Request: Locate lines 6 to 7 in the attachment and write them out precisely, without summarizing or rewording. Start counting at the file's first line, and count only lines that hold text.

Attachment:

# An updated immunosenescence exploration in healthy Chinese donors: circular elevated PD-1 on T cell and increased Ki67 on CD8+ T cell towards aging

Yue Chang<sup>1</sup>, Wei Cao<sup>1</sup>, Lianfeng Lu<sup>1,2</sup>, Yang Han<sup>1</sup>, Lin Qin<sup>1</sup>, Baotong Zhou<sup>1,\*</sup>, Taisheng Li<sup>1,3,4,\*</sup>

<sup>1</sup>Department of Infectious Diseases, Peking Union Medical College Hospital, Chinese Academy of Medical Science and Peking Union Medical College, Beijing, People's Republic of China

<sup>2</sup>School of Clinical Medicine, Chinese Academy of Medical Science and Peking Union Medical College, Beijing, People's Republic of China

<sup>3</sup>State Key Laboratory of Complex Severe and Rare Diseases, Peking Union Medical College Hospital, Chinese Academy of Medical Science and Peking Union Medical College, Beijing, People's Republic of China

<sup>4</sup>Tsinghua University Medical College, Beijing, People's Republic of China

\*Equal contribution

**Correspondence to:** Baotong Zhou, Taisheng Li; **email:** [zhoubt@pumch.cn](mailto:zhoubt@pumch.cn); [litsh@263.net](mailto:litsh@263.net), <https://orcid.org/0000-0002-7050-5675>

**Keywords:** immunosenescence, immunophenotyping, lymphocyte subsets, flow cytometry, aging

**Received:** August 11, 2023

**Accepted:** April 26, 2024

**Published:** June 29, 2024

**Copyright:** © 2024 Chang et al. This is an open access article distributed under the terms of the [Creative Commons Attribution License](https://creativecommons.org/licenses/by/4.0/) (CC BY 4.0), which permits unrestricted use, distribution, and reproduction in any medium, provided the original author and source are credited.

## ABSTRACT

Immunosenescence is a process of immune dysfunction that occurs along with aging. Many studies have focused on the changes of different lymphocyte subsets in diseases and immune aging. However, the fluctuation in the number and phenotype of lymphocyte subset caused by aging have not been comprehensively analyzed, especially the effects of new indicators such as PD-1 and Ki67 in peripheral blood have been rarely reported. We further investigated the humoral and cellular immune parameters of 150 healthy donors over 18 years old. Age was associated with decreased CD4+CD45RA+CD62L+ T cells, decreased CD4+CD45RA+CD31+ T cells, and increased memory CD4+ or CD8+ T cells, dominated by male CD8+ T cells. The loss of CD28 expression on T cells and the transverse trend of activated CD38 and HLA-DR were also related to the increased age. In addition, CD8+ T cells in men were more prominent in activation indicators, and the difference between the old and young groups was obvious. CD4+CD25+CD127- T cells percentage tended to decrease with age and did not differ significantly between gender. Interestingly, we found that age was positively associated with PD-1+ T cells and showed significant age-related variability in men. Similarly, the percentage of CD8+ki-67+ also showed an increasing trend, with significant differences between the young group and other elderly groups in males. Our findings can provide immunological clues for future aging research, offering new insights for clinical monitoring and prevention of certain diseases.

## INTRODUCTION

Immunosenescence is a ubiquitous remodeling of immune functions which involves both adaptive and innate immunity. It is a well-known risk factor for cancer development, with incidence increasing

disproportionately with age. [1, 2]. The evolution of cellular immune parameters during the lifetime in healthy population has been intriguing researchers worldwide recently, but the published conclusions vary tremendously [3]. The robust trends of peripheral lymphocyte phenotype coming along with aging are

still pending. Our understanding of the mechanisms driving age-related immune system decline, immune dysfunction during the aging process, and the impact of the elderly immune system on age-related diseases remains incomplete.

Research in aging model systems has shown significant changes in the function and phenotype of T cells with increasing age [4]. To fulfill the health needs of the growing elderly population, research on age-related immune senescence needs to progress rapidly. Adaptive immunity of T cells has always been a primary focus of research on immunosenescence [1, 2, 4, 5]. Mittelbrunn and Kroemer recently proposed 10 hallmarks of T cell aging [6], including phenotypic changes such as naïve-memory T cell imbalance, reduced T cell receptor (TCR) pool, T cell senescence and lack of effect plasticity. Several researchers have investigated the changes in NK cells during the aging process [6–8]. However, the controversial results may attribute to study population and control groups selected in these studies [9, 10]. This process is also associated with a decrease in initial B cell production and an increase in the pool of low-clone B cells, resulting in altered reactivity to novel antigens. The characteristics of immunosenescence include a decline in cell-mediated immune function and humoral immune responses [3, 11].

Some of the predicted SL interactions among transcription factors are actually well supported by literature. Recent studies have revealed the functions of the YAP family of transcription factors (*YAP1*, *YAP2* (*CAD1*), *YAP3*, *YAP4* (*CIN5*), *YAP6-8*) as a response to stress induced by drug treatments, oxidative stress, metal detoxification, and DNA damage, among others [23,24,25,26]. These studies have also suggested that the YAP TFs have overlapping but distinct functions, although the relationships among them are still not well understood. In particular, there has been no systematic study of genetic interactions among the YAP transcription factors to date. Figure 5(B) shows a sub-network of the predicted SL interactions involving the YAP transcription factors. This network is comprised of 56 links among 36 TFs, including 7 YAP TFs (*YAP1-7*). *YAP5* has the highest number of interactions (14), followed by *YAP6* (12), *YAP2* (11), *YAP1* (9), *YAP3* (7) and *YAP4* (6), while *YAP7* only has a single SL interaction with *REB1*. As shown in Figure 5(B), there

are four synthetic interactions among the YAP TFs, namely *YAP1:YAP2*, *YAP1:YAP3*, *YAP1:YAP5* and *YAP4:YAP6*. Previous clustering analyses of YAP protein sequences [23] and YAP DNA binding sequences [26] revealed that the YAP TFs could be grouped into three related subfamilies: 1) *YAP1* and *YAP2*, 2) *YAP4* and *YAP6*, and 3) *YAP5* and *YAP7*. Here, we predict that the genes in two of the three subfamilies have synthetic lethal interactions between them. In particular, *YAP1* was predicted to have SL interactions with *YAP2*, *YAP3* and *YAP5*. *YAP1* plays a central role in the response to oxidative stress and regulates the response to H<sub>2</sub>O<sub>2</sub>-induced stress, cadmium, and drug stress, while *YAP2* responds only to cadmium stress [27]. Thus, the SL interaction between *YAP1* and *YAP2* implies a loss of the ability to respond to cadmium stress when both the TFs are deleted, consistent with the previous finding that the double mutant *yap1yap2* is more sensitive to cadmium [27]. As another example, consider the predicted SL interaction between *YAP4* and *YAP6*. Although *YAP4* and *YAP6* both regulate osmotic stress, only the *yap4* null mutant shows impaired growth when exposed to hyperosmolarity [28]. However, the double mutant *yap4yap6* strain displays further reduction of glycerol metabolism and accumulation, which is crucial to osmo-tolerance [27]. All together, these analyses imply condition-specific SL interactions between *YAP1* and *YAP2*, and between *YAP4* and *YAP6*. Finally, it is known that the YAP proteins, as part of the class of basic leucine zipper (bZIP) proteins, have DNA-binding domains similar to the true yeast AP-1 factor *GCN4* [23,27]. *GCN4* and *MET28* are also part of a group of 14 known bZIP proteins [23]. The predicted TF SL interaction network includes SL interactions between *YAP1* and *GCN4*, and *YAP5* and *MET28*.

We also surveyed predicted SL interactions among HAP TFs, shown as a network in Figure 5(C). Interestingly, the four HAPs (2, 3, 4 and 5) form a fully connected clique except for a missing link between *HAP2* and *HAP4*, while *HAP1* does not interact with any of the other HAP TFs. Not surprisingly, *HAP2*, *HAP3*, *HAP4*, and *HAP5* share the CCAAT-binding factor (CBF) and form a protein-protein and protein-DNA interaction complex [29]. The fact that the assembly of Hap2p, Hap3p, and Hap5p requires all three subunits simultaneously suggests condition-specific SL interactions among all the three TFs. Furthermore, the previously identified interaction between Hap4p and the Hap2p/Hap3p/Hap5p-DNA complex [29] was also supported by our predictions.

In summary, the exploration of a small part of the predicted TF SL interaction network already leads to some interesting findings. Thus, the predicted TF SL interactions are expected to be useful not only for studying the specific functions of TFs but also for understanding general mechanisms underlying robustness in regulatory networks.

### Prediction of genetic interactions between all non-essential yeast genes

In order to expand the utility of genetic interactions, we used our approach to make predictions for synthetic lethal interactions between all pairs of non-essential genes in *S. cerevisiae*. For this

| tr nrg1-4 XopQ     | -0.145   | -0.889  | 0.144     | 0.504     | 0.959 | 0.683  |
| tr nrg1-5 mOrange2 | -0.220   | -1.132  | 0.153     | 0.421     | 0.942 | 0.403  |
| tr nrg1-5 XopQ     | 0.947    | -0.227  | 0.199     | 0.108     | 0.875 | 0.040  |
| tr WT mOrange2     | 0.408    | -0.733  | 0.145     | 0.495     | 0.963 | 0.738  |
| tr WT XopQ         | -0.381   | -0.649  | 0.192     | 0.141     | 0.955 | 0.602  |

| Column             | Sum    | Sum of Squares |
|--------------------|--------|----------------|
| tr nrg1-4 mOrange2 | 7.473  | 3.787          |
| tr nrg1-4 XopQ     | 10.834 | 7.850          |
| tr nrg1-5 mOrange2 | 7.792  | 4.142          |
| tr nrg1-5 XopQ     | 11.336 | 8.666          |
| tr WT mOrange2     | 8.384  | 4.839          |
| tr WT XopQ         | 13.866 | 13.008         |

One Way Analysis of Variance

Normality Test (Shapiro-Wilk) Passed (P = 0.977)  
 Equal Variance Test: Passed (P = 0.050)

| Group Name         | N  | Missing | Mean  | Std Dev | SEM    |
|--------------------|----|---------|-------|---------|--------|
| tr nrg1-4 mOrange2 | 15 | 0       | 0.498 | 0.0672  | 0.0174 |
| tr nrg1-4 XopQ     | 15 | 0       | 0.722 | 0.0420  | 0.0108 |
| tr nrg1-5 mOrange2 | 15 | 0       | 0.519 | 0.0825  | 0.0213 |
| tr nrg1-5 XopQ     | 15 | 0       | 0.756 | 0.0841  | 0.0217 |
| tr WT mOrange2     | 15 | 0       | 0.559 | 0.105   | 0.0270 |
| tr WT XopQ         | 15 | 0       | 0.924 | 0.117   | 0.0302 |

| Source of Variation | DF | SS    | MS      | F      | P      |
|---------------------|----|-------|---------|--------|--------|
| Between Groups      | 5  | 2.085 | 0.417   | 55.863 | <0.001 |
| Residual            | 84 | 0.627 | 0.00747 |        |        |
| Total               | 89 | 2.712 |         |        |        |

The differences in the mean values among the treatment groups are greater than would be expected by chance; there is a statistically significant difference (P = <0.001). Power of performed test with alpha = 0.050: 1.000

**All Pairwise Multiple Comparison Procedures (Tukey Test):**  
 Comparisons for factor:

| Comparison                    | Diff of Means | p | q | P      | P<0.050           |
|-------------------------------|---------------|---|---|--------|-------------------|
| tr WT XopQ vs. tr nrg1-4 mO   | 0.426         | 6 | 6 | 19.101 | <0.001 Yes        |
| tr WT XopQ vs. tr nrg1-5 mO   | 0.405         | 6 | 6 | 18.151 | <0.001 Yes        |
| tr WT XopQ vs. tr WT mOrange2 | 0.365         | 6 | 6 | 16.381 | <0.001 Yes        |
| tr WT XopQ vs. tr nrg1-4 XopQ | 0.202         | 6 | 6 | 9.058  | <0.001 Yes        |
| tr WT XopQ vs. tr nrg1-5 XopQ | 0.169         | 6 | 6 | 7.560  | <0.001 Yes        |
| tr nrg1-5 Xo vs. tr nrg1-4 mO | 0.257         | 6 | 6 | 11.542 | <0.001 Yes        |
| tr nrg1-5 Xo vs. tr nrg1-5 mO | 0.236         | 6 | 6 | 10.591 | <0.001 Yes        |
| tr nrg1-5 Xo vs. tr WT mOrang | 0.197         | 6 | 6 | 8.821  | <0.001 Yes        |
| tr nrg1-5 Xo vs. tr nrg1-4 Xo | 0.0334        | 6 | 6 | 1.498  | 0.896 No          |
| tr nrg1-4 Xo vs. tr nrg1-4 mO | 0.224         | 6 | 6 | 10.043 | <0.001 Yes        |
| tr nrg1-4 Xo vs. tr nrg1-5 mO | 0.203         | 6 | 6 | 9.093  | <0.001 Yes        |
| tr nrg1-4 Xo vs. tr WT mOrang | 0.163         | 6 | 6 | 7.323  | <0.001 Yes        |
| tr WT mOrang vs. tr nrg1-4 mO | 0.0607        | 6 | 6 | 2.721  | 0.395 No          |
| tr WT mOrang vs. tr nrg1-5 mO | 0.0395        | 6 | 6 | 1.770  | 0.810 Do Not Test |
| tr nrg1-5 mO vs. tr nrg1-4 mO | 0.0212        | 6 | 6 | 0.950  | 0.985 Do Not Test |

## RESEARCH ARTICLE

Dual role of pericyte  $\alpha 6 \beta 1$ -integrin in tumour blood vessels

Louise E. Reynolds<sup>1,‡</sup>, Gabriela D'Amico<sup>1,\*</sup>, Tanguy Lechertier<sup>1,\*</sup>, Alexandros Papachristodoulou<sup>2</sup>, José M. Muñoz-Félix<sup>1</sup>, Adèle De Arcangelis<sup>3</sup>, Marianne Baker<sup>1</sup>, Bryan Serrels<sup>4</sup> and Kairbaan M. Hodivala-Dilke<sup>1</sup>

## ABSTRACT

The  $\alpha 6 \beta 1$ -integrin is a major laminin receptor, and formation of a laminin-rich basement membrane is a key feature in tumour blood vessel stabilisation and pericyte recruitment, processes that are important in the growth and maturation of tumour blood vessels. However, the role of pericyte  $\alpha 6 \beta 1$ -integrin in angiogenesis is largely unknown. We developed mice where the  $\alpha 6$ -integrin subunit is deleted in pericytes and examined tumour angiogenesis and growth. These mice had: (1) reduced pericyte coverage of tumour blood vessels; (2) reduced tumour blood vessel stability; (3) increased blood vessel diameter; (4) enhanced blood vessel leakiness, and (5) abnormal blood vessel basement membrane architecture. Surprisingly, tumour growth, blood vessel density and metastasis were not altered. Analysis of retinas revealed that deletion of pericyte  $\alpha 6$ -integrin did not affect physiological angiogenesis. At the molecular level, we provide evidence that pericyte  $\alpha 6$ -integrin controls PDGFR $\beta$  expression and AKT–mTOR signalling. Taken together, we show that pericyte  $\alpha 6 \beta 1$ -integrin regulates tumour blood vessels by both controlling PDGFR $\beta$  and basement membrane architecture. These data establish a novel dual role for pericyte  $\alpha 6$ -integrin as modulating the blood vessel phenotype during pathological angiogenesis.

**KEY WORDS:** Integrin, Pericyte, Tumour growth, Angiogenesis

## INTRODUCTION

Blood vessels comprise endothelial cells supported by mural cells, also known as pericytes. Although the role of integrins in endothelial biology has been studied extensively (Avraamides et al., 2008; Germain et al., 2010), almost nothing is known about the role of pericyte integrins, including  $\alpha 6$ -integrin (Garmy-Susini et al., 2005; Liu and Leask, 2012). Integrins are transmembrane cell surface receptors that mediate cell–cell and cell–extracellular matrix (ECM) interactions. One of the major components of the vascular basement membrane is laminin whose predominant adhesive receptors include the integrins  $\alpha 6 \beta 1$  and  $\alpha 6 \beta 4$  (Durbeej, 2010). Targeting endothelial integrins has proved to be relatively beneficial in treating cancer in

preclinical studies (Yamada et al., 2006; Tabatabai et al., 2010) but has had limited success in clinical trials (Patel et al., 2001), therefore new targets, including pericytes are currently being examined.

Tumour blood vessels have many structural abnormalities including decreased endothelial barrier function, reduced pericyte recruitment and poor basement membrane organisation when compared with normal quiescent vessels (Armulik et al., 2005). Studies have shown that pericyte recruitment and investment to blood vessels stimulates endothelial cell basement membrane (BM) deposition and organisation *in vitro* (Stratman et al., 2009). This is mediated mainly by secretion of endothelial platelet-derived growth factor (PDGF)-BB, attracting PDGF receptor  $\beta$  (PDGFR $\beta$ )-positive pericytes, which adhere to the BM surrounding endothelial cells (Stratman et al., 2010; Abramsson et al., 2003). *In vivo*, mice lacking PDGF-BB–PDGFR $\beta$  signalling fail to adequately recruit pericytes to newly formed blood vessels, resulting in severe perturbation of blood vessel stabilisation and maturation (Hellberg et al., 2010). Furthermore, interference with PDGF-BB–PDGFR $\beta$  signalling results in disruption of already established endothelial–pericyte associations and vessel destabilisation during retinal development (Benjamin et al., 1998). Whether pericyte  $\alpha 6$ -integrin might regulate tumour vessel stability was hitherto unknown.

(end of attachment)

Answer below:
<sup>4</sup>Tsinghua University Medical College, Beijing, People's Republic of China

\*Equal contribution